City Tweaks Ferry Pricing in Wake of Audit With $4 Tix, But Is It Too Shallow?

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City Tweaks Ferry Pricing in Wake of Audit With $4 Tix, But Is It Too Shallow?


The base fare of the New York City Ferry will go up to a $4 ride — with new discounts for seniors and Fair Fare program participants — as the city tries to make its program financially “sustainable,” officials said.

The hike and new pricing structure comes as the city’s Economic Development Corporation had begun pumping more tax-payer money each year into the system, which launched in 2017 under then-Mayor Bill de Blasio.

The tack change also comes a week after Comptroller Brad Lander released an audit — spurred in part on THE CITY’s reporting — that found the system spent almost double the amount it originally said on subsidies to keep it afloat.

Under the new price system, set to launch Sept. 12, the base fare of $2.75 will go up to $4.

New Yorkers over the age of 65, those with disabilities, and participants in the Fair Fares program — which offers half-priced rides within the MTA system for low-income commuters — will get a discounted price of $1.35 per ticket, officials announced.

Public housing residents within a mile of a ferry dock will also get two free boat rides a month.

“Getting around New York City shouldn’t feel like you’re running a 5K. Wherever you live in the five boroughs, we want you to have choices, and our vision for the NYC Ferry helps provide New Yorkers with those choices,” Mayor Eric Adams said at the announcement near the Astoria dock on Thursday.

He said his administration’s “Ferry Forward” plan would be “built on the three pillars of equity, accessibility, and fiscal sustainability.”

The $4 base fare will “offset the cost of everyday New Yorkers who need to take the system,” Adams said.

There will also be discounted 10-pack rides at $27.50 to retain regular commuters who ride the ferry the most.

Low tide?

Andrew Rein, the president of the independent Citizens Budget Commission, praised the fare adjustment as “welcome progress,” but believes that the base fare should be closer to the $6.75 fare the MTA charges on express bus routes.

“While EDC is employing the right approach, it is starting with lower fares than CBC recommends,” Rein said in a statement.

He added that the city should also consider charging higher fares on weekends and on longer routes with higher operating costs while reassessing the most-subsidized routes.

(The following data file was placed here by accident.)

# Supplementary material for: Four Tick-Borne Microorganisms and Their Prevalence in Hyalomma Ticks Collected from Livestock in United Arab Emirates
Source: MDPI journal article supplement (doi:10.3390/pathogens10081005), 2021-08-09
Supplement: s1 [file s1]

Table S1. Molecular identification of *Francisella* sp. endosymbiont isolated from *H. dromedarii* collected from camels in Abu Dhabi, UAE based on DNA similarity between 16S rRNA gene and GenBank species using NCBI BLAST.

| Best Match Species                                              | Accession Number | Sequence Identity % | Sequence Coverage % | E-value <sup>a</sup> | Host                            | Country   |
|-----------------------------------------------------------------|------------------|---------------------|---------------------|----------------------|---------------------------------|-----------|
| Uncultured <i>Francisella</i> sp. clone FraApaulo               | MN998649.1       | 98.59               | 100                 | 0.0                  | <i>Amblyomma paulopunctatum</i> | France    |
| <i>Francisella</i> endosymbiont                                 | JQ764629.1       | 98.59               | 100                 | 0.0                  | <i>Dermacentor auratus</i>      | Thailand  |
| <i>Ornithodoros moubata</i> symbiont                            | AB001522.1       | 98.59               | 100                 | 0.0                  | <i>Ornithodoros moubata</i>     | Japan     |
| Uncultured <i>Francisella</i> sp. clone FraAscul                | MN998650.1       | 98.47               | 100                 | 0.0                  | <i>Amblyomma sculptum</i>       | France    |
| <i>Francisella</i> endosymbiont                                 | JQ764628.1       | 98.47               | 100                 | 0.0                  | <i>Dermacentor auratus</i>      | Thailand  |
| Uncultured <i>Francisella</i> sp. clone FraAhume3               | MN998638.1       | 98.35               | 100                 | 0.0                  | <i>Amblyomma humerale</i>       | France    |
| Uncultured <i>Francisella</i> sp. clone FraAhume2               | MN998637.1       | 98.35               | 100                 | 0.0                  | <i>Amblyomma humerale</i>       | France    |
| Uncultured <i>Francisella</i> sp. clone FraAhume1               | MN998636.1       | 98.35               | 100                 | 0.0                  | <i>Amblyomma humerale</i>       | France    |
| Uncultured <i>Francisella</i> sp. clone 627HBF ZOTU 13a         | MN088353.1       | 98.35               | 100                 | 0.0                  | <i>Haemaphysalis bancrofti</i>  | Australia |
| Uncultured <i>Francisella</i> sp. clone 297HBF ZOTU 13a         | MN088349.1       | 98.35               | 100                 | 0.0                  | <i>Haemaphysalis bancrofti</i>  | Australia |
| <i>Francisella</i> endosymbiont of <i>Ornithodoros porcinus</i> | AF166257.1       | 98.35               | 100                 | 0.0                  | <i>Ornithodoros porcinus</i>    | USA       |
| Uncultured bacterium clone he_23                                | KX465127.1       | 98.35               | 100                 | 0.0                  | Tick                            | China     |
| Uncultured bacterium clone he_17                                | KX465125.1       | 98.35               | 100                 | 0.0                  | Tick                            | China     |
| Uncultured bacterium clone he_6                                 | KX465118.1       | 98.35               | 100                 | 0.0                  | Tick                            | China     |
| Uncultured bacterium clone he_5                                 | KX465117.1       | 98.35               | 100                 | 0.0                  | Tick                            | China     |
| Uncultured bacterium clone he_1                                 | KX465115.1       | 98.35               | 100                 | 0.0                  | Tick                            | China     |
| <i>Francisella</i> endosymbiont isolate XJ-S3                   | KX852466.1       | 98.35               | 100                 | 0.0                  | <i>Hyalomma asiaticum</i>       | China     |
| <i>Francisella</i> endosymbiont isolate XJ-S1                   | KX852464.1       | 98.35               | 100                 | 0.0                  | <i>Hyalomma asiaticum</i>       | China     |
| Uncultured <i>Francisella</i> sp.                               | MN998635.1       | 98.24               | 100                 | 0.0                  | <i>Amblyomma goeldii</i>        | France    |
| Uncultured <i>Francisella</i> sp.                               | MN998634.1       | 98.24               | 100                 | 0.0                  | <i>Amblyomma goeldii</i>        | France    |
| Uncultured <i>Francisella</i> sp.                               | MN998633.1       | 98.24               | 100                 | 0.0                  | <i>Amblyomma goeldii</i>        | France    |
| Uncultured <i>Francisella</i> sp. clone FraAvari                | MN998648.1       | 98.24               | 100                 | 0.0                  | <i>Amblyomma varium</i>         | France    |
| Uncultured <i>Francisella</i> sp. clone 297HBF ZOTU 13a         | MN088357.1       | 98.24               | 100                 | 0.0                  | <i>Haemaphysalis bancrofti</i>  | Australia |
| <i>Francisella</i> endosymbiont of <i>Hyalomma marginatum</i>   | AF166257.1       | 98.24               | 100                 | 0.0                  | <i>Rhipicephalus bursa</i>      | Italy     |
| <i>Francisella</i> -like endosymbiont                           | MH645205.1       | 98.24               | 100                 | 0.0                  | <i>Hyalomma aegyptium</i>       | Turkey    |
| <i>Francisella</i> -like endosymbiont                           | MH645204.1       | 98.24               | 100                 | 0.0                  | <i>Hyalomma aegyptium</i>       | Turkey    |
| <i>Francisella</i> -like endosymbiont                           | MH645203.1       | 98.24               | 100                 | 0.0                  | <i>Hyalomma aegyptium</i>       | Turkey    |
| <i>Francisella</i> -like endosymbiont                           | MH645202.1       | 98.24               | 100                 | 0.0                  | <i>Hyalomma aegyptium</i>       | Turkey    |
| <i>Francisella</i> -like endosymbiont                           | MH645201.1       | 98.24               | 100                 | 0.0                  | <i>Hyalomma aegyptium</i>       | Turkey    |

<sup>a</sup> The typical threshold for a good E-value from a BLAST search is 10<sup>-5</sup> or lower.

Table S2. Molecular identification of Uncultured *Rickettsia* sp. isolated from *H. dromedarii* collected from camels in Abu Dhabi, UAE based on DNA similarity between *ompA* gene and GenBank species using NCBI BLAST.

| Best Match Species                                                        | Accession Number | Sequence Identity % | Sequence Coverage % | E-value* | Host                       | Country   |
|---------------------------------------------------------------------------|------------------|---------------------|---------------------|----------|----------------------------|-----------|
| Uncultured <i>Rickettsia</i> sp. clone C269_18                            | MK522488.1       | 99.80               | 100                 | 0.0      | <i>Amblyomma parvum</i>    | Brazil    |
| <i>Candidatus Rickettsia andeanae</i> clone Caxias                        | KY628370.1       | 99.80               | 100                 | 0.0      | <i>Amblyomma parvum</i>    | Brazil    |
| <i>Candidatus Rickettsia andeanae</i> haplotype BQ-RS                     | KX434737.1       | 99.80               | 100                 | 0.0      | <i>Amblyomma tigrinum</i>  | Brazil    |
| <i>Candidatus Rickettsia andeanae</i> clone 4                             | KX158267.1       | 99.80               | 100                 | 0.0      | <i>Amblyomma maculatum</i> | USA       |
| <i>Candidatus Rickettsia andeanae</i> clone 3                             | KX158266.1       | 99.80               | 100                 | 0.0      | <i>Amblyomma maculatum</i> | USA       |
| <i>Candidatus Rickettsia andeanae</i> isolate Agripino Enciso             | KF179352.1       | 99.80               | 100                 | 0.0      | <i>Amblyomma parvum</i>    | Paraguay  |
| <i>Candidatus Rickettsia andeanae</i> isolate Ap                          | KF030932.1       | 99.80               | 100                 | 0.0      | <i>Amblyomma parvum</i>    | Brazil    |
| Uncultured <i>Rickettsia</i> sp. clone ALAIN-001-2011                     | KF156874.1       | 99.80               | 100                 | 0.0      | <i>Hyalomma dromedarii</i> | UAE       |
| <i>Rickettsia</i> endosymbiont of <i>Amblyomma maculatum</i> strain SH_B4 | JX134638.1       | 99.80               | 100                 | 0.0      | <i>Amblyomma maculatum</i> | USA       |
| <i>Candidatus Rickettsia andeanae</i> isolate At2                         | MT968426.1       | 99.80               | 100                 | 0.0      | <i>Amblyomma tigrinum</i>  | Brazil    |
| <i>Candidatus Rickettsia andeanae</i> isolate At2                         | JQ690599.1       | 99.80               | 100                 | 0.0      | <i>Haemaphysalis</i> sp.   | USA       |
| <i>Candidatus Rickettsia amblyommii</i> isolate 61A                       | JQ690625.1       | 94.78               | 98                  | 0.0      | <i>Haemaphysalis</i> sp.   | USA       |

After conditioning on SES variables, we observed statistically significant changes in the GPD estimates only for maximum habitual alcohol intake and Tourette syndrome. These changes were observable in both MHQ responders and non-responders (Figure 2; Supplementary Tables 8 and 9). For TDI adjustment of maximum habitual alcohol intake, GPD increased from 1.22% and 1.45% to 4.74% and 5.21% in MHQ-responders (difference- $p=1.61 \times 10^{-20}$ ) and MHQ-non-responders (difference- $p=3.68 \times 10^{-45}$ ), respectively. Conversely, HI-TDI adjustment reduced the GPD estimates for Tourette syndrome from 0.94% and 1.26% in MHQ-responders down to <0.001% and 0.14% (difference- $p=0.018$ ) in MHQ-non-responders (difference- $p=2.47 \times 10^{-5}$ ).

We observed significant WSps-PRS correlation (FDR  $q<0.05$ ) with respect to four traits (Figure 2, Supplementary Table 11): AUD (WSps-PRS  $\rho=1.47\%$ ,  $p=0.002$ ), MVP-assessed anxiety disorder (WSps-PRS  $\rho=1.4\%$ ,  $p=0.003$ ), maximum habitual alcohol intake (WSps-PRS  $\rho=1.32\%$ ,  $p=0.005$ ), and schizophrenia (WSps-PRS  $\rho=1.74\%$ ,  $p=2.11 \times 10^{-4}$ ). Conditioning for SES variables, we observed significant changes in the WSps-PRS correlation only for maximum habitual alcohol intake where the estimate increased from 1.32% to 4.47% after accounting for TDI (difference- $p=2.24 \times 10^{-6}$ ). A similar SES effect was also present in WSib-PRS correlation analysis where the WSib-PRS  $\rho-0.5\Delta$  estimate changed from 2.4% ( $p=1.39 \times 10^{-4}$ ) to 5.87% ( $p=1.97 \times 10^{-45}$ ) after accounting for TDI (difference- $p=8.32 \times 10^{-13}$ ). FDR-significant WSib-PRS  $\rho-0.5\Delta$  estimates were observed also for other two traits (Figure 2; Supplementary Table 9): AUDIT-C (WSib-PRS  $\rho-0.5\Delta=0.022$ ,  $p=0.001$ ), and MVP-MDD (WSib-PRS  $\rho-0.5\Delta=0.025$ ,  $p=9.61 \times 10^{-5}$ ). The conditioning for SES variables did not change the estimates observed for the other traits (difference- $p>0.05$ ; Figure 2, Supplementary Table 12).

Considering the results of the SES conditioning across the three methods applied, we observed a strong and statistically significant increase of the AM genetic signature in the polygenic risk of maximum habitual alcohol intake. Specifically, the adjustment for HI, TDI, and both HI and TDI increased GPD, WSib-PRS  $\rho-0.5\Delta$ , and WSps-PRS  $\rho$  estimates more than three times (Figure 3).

Rein said the ultimate test will be if the city subsidy per ferry ride — which was $12.88 for Fiscal Year 2021, according to the comptroller’s report — will be reduced.

The mayor argued there is a misconception that only the wealthiest New Yorkers ride the ferry.

“It is for every New Yorker, and the more we introduce New Yorkers to utilizing it, they’re going to see how possible it is to move across this city,” Adams said.

NYC Ferry passengers line up at Pier 11 off Wall Street, July 6, 2022.

“The $4 fare decision was informed by ridership surveys, ridership demand modeling, and past experience with the East River Ferry,” EDC president Andrew Kimball said Thursday.

The EDC’s own data shows the ridership has been predominantly white and higher-income compared to other public transportation.

We’re going to need a bigger boat

Adams also announced additional express ferry routes to the Rockaway beaches — which was dubbed the “Rockaway Rocket” at the press conference — that will go direct from Pier 11 in Manhattan to the dock at Beach 108th Street starting July 23. Each ride will require a reservation and cost $8 one way.

“What we’ve seen with the Rockaways is extraordinary demand on the weekends to go to the beach,” Kimball told THE CITY. “We are going to add an extra boat, a big boat… so we’re not taking any seats away from anybody as it exists today.”

Last week’s comptroller’s report said the EDC rang up a $758 million bill on ferry-related costs from July 2015 through the end of last year — but only reported $534 million in expenses in its official financial records.

“This is a very substantial financial underreporting and mismanagement,” Lander said while standing near Pier 11 in Lower Manhattan. “$250 million of underreporting raises a lot of questions and those questions should be asked.”

The comptroller’s report followed a series of stories in THE CITY about NYC Ferry, including one in January that revealed how de Blasio’s budget office supplied a $23.2 million infusion for the service before he left City Hall at the end of 2021 — after the service had previously been funded by the EDC.

Lander’s report calls into question the purchase of new boats — something THE CITY flagged in April 2019 — as well as the $2.75 fare that de Blasio insisted on for the privately operated ferry trips. The price of an NYC Ferry trip is still considerably lower than one on similar services in San Francisco and Boston.

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